(The following information augments or overrides the information in Section 1.5 of ANSI X3.9-1978 FORTRAN 77 in specifying the GNU Fortran language. Chapter 1 of that document otherwise serves as the basis for the relevant aspects of GNU Fortran.)
In this chapter, “must” denotes a requirement, “may” denotes permission, and “must not” and “may not” denote prohibition. Terms such as “might”, “should”, and “can” generally add little or nothing in the way of weight to the GNU Fortran language itself, but are used to explain or illustrate the language.
FROBNITZstatement must precede all executable statements in a program unit, and may not specify any dummy arguments. It may specify local or common variables and arrays. Its use should be limited to portions of the program designed to be non-portable and system-specific, because it might cause the containing program unit to behave quite differently on different systems.”
Insofar as the GNU Fortran language is specified,
the requirements and permissions denoted by the above sample statement
are limited to the placement of the statement and the kinds of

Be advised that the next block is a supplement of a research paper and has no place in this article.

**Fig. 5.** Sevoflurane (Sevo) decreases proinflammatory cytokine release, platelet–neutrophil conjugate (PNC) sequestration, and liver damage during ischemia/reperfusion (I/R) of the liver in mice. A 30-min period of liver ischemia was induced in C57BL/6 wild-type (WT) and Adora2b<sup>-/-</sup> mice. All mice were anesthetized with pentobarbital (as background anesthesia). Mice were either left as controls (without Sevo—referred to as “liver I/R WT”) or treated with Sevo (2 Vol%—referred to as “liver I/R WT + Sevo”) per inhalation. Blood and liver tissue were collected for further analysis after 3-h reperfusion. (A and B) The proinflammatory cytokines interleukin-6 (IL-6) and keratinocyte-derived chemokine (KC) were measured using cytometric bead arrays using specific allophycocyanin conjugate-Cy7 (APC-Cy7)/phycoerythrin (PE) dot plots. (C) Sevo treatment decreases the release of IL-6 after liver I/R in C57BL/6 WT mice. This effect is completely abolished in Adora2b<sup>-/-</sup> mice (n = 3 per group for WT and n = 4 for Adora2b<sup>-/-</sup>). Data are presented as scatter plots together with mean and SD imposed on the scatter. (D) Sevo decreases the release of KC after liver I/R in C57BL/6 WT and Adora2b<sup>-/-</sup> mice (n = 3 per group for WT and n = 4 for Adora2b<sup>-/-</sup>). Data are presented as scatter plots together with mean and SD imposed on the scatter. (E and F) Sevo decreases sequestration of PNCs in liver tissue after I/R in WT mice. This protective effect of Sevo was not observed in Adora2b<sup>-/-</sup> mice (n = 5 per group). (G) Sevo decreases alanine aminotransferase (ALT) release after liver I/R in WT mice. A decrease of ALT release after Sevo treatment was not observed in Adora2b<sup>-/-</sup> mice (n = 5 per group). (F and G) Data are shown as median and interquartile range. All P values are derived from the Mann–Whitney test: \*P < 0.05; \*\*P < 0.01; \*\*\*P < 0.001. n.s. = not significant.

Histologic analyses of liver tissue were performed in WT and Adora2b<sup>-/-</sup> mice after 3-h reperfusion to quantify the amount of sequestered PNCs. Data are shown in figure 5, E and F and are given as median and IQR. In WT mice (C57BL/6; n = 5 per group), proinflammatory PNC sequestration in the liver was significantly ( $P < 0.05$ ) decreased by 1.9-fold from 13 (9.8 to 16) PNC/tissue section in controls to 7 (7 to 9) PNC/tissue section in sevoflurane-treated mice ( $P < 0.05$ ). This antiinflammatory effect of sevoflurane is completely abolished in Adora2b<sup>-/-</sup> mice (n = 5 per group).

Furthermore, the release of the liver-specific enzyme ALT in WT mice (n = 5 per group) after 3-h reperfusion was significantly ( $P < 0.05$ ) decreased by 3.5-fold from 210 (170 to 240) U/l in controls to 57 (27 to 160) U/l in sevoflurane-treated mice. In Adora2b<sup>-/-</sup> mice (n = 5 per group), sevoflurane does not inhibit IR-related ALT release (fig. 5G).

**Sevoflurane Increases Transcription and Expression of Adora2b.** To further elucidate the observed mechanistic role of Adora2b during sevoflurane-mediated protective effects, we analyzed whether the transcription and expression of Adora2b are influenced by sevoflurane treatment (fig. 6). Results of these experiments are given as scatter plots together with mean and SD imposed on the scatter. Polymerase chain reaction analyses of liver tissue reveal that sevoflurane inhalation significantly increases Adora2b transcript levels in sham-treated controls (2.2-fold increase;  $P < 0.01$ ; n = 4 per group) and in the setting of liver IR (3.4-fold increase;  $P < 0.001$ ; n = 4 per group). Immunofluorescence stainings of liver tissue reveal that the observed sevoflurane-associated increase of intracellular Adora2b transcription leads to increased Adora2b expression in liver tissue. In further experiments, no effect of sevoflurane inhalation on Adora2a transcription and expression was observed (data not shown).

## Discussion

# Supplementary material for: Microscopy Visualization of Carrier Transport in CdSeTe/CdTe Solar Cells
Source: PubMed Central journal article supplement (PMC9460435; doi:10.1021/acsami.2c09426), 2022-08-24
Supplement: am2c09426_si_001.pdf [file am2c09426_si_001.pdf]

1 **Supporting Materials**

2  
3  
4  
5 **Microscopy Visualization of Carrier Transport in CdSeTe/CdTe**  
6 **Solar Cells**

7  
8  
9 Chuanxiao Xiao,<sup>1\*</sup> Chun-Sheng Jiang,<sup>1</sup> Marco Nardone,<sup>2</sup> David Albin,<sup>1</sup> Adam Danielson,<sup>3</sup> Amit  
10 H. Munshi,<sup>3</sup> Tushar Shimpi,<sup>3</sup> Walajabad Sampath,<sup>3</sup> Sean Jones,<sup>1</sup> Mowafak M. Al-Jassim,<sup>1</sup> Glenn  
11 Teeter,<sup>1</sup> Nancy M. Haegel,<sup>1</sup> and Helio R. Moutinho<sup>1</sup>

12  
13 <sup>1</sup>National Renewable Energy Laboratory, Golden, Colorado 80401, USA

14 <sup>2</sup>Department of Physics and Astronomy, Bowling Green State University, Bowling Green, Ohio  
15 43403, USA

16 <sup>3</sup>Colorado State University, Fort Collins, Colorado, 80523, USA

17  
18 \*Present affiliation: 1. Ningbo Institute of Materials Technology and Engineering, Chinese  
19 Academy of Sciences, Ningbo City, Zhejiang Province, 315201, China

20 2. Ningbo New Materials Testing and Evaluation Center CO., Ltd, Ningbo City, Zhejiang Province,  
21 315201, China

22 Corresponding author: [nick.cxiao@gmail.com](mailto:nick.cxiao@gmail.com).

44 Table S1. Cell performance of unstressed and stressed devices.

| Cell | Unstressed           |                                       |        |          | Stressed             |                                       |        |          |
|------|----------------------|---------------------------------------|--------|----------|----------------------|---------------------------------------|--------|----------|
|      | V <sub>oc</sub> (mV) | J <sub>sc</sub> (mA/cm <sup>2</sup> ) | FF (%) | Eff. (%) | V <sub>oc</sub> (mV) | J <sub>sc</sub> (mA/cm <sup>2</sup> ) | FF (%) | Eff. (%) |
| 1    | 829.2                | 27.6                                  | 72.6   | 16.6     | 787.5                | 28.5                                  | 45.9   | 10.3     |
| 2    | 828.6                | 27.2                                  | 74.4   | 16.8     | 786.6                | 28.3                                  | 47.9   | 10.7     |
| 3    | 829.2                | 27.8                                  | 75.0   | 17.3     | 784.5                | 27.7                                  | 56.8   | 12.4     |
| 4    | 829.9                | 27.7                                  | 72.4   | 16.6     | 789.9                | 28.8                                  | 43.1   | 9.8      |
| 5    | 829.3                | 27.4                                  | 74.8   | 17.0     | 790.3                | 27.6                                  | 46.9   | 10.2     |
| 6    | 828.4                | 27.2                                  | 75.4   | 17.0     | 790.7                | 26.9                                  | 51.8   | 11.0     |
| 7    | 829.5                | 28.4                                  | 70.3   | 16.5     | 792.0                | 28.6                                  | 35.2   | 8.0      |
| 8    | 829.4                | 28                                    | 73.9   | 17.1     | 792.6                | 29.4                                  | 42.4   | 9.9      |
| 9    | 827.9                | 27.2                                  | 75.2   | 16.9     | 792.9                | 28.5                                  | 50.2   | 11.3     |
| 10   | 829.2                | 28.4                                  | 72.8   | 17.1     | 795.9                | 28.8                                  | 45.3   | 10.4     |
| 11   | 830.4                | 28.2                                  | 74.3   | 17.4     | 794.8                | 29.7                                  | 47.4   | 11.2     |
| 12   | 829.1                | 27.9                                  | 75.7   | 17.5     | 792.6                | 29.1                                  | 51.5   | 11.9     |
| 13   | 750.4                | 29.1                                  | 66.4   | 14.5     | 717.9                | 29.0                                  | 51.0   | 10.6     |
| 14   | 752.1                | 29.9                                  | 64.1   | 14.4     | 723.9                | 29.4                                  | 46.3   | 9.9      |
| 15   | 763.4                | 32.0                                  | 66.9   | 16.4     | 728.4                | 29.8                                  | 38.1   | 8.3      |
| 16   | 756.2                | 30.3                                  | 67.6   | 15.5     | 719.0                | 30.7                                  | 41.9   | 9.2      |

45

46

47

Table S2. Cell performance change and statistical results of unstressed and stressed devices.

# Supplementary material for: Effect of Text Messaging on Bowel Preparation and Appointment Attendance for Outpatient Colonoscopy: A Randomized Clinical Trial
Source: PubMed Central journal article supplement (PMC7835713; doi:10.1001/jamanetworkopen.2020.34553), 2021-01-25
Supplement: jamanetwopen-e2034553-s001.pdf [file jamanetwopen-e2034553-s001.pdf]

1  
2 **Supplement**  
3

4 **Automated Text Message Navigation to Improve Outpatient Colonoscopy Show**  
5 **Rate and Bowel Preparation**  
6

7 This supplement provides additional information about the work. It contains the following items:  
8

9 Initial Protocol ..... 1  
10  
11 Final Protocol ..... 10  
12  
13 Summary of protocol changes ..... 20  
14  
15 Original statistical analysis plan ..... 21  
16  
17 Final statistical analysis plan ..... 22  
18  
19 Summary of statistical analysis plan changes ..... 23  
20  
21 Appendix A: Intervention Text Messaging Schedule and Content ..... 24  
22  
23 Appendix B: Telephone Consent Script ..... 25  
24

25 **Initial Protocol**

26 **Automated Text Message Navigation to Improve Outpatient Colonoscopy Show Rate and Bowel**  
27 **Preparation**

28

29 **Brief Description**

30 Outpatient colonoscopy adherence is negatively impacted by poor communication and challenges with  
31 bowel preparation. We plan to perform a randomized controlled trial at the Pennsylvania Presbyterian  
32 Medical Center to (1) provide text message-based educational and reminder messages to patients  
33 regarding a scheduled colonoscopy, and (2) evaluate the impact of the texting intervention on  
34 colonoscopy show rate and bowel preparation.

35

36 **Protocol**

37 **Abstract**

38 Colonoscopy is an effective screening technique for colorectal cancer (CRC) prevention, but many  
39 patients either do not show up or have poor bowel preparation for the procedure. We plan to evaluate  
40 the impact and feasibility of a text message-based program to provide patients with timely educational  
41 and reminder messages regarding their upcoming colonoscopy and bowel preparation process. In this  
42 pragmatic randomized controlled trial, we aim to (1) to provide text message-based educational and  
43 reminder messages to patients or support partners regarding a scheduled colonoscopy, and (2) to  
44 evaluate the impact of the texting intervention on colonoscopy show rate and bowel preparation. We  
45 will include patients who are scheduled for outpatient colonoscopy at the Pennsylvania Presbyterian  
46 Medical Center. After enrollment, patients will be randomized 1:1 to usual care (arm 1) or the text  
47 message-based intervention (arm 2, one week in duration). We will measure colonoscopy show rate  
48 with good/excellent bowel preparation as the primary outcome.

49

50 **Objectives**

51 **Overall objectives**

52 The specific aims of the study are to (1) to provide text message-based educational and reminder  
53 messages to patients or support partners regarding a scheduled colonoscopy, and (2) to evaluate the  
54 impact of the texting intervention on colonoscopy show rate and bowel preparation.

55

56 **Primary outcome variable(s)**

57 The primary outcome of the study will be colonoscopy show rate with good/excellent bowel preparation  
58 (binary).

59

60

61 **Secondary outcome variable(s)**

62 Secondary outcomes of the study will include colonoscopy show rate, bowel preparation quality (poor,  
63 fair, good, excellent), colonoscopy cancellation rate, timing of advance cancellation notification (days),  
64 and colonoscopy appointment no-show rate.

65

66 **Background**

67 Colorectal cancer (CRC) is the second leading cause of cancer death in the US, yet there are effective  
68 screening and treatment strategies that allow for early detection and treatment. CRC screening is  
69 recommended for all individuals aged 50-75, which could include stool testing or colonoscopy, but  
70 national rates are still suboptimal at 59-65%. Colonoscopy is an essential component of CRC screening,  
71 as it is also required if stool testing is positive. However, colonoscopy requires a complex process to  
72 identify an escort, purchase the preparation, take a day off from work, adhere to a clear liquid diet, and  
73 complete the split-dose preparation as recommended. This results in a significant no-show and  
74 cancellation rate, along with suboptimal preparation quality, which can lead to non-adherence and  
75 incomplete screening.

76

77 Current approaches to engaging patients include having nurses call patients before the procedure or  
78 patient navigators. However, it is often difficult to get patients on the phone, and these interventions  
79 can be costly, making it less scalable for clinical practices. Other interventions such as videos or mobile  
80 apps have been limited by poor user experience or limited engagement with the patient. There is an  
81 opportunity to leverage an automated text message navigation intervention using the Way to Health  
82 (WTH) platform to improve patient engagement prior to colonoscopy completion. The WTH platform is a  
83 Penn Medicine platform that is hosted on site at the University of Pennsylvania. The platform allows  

things it may specify.
The rest of the statement—the content regarding non-portable portions
of the program and the differing behavior of program units containing
FROBNITZ statement—does not pertain the GNU Fortran
That content offers advice and warnings about the
Remember: The GNU Fortran language definition specifies both what constitutes a valid GNU Fortran program and how, given such a program, a valid GNU Fortran implementation is to interpret that program.
It is not incumbent upon a valid GNU Fortran implementation to behave in any particular way, any consistent way, or any predictable way when it is asked to interpret input that is not a valid GNU Fortran program.
Such input is said to have undefined behavior when interpreted by a valid GNU Fortran implementation, though an implementation may choose to specify behaviors for some cases of inputs that are not valid GNU Fortran programs.
Other notation used herein is that of the GNU texinfo format, which is used to generate printed hardcopy, on-line hypertext (Info), and on-line HTML versions, all from a single source document. This notation is used as follows:
Note that, in practice, many Fortran programs are written in lowercase—uppercase is used in this manual as a means to readily distinguish keywords and sample Fortran-related text from the prose in this document.
Generally, uppercase is used for all Fortran-specific and Fortran-related text, though this does not always include literal text within Fortran code.
For example: PRINT *, 'My name is Bob'.
INTEGER ivar statement specifies that
ivar is a variable or array of type
In the above example, any valid text may be substituted for the metasyntactic variable ivar to make the statement apply to a specific instance, as long as the same text is substituted for both occurrences of ivar.
See Kind Notation, for information on the relationship
between Fortran 90 nomenclature (such as
and the more traditional, less portably concise nomenclature